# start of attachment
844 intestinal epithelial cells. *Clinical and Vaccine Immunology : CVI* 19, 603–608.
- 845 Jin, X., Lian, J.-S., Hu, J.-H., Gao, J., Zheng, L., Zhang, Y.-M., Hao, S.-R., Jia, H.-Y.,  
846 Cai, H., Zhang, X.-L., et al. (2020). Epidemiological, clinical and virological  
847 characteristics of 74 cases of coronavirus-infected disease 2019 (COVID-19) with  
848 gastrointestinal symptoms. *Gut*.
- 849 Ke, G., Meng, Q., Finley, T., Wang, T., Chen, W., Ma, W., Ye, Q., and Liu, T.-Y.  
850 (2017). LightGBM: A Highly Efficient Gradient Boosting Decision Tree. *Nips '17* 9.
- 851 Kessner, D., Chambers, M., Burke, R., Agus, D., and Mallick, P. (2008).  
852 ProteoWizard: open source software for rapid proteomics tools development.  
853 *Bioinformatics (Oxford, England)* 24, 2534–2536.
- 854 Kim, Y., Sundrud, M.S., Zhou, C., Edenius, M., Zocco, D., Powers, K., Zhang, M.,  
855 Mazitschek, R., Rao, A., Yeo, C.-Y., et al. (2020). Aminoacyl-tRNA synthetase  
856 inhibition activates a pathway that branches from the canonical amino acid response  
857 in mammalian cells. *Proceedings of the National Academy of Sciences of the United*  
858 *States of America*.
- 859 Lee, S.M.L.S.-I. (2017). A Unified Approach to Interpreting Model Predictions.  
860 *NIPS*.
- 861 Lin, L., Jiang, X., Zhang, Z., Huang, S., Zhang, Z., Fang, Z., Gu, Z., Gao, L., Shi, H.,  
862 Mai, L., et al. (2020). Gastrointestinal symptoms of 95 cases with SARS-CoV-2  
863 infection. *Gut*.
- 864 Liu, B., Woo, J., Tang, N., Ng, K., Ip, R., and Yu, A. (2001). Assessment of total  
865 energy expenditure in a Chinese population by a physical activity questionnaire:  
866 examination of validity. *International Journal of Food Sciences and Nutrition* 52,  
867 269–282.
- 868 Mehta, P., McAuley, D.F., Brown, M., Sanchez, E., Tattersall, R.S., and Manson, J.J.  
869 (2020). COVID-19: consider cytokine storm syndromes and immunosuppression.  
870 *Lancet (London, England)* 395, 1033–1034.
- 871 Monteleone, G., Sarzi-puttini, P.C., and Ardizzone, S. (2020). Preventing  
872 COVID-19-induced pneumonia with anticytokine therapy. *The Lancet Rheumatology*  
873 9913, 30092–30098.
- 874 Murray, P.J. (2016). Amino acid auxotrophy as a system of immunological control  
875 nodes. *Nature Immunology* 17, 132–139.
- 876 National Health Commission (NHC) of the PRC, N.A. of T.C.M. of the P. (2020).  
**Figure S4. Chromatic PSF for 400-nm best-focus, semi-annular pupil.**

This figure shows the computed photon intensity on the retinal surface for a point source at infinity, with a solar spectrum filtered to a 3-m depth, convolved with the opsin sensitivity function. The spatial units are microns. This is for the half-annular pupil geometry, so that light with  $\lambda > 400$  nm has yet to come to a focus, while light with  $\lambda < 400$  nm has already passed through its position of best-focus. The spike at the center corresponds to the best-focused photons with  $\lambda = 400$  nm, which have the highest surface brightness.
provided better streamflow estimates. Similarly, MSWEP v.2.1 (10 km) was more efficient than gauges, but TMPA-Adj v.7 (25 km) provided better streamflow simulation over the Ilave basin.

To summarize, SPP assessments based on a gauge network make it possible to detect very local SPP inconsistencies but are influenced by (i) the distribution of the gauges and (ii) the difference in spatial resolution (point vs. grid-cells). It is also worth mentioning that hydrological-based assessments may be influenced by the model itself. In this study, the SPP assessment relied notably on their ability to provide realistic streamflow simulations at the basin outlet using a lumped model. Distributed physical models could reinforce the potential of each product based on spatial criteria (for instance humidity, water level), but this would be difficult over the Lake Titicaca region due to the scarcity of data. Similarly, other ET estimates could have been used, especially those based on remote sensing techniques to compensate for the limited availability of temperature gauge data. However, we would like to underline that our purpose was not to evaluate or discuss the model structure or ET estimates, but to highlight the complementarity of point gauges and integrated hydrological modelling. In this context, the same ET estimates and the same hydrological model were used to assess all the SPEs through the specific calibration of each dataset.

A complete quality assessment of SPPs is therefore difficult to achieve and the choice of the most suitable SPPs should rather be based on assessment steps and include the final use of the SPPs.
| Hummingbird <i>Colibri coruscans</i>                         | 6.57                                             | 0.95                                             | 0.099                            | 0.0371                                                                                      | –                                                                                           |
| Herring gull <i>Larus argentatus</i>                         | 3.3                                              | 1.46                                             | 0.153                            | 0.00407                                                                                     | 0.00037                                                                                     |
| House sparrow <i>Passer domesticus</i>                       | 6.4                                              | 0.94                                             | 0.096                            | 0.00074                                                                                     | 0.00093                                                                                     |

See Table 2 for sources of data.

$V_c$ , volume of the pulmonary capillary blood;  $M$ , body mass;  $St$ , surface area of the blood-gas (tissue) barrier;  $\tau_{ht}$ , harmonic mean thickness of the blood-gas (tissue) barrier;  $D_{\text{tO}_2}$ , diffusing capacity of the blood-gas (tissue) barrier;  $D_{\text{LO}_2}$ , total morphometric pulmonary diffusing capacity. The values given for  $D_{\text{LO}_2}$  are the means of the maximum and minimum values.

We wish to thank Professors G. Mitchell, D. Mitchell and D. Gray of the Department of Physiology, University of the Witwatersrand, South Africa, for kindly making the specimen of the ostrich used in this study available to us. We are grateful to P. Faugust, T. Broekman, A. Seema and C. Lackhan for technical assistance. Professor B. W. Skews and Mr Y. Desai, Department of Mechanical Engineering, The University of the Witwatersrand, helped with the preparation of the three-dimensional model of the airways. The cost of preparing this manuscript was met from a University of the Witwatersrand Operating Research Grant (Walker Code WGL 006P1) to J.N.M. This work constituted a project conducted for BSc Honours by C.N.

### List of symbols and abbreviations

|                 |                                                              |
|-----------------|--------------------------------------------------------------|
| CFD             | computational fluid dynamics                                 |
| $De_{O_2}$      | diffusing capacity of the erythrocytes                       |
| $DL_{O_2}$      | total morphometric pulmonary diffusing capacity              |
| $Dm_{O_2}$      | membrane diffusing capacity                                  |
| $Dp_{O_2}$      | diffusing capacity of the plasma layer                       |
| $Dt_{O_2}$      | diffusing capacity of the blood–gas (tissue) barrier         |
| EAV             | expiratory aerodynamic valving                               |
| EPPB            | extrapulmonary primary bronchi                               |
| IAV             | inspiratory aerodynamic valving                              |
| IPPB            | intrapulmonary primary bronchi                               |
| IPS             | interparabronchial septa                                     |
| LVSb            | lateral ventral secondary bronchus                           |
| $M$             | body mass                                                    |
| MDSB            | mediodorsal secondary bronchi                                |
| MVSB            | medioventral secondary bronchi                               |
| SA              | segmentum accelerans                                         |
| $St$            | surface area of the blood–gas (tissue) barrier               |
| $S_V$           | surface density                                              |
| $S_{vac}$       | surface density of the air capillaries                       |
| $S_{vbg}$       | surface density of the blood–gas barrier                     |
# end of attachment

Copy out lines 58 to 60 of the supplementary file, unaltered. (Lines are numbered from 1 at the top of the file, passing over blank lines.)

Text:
| IPS             | interparabronchial septa                                     |
| LVSb            | lateral ventral secondary bronchus                           |
| $M$             | body mass                                                    |